On its opening night, Edinburgh’s Festival Theatre came alive with the revival of Matthew Bourne’s “Romeo & Juliet.” Often regarded as a master of family-friendly productions, Bourne’s latest interpretation delves deeper into the suppressed passions simmering beneath the surface, offering a fresh perspective on Shakespeare’s timeless tragedy.
The stage is transformed into the Verona Institute, an institution akin to an asylum for troubled youth, masterfully designed by Lez Brotherston. Its stark, white surfaces, imposing barred doors, and staircases leading to nowhere symbolize the suffocating conformity that envelopes its inhabitants. Yet, within these confines, the characters, clad in white, strive to break free with subtle acts of rebellion—flicks of the head, twitches of the arms, and forbidden embraces. Bourne’s message is crystal clear: love and desire are potent forces that challenge a society’s demand for conformity.
The chemistry between Romeo and Juliet is palpable from their first encounter at a glittering ball. As they circle each other under the shimmering glow of a glitter ball, their fellow inmates twist and contort to the rhythm of Prokofiev’s score, embodying forbidden passion. The balcony scene, brilliantly staged using ladders and walkways, is a masterpiece of love amidst adversity. Romeo and Juliet’s movements are a graceful rebellion against their oppressive surroundings, culminating in an unbroken kiss that defies societal norms.
In this radical interpretation, love and desire are portrayed as powerful and threatening to a conformist society. Danny Reuben’s portrayal of Tybalt, consumed by obsession and homophobia, becomes a catalyst for tragedy, while Ben Brown’s swaggering Mercutio adds depth to the narrative.
Since its premiere in 2019, Bourne has refined and clarified his work, with Cordelia Braithwaite returning to the role of Juliet. Her performance reveals new layers of suffering, showcasing Juliet’s resilience and vulnerability. Rory Mcleod’s Romeo brings a charming and goofy quality to the role, making their love story all the more captivating.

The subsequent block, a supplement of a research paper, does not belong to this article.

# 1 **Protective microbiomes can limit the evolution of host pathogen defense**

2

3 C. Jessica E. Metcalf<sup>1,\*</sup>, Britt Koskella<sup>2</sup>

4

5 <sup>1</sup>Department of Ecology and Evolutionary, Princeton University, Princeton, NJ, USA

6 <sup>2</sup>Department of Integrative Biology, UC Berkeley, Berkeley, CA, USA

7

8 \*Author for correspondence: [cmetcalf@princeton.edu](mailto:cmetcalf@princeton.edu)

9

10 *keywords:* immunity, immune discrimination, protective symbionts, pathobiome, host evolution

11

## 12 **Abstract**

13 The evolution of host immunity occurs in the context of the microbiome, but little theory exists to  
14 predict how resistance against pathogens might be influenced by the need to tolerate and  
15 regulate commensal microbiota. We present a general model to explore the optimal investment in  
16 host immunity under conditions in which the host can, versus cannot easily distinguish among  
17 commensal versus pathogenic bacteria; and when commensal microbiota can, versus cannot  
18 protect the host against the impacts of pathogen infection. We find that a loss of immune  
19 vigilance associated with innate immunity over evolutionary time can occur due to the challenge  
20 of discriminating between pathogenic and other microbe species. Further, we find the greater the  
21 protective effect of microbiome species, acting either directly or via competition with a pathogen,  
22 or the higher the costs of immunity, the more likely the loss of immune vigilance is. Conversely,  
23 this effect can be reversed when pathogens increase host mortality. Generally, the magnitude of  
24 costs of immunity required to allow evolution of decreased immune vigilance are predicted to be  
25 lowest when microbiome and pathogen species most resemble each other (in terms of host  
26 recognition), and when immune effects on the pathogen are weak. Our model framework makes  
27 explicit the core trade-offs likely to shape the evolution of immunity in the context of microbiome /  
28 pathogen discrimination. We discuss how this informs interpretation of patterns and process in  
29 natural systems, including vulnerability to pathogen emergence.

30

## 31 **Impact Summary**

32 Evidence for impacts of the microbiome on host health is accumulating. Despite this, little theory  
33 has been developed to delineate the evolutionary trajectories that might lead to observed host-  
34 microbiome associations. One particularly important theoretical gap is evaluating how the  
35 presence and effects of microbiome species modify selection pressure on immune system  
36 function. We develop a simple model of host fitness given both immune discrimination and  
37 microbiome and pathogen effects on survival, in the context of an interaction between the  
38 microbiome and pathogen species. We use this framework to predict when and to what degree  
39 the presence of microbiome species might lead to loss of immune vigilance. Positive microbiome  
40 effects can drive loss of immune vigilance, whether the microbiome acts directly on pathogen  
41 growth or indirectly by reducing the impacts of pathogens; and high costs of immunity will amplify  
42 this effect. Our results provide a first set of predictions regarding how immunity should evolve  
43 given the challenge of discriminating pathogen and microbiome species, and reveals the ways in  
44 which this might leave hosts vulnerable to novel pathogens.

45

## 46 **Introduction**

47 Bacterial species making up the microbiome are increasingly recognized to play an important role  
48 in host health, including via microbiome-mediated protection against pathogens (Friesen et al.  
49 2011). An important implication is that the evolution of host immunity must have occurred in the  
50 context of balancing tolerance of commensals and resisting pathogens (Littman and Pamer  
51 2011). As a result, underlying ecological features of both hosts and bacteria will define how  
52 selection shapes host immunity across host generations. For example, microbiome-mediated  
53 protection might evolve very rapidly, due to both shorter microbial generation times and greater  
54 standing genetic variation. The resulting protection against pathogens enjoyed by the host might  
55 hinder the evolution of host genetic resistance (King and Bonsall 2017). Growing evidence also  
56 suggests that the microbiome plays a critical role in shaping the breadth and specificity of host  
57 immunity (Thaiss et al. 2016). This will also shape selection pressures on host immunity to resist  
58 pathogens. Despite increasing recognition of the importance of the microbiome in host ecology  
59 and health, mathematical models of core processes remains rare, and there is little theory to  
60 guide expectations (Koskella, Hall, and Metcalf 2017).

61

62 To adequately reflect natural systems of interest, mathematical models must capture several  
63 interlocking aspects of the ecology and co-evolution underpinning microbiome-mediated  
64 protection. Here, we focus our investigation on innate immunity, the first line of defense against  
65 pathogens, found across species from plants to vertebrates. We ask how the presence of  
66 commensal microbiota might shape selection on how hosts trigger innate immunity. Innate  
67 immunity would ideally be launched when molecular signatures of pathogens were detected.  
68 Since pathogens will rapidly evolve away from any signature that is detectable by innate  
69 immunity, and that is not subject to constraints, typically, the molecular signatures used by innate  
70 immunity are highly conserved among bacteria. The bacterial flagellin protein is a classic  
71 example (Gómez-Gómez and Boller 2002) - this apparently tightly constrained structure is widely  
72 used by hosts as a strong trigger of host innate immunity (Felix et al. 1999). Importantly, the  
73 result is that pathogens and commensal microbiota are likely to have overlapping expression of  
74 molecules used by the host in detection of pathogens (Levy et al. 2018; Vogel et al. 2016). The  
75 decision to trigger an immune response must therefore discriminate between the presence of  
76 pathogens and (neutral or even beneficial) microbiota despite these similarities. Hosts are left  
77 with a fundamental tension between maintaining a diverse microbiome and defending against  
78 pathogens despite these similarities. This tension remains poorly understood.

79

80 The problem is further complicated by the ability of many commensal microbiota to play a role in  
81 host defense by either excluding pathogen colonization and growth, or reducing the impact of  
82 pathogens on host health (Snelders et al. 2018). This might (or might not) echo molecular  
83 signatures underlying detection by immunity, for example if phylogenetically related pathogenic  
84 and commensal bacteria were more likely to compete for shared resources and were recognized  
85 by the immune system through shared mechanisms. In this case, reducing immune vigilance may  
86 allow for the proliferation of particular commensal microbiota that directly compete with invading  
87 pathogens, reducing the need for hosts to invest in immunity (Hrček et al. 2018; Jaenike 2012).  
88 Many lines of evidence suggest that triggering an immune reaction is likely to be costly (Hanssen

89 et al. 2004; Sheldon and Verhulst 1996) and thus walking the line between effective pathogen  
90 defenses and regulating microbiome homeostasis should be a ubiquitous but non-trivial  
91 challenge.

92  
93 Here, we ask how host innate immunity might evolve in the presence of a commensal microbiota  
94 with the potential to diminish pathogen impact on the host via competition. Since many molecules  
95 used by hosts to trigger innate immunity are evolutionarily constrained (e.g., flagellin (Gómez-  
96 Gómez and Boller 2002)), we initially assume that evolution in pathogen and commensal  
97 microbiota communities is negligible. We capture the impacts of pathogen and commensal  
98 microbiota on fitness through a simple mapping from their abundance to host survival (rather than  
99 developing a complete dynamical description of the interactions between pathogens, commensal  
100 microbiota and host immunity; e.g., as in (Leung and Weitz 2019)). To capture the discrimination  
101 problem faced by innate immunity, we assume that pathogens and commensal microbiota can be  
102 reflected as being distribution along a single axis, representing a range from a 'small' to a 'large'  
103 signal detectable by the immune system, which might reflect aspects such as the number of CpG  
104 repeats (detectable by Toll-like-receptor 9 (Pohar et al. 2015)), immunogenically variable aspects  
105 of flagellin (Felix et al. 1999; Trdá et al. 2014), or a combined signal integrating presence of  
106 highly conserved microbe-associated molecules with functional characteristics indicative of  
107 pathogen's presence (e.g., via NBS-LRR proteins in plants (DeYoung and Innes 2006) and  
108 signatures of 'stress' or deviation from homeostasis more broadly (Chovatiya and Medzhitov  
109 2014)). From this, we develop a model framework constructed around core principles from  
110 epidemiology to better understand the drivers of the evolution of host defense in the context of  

The supporting cast shines, with poignant moments like Leo McCorkindale’s Balthasar delivering a solo of mourning. The choreography captures a range of emotions, from initial joy to the eventual numbness induced by their environment.
Terry Davies’ adaptation of Prokofiev’s score, performed by the New Adventures orchestra, adds a hauntingly beautiful layer to the production, underscoring its emotional depth.
In conclusion, “Romeo & Juliet” by Matthew Bourne is a captivating exploration of love, desire, and societal repression. The Verona Institute’s stark setting serves as a powerful backdrop for the characters’ struggles, while the choreography brings their emotions to life. This production is a testament to the enduring relevance of Shakespeare’s tale and Bourne’s ability to infuse it with contemporary resonance. “Romeo & Juliet” is not to be missed, a haunting and compelling masterpiece that lingers in the hearts and minds of its audience long after the final curtain falls.
Reviewer: Nazaret Ranea
Reviewed: 19th September 2023
North West End UK Rating: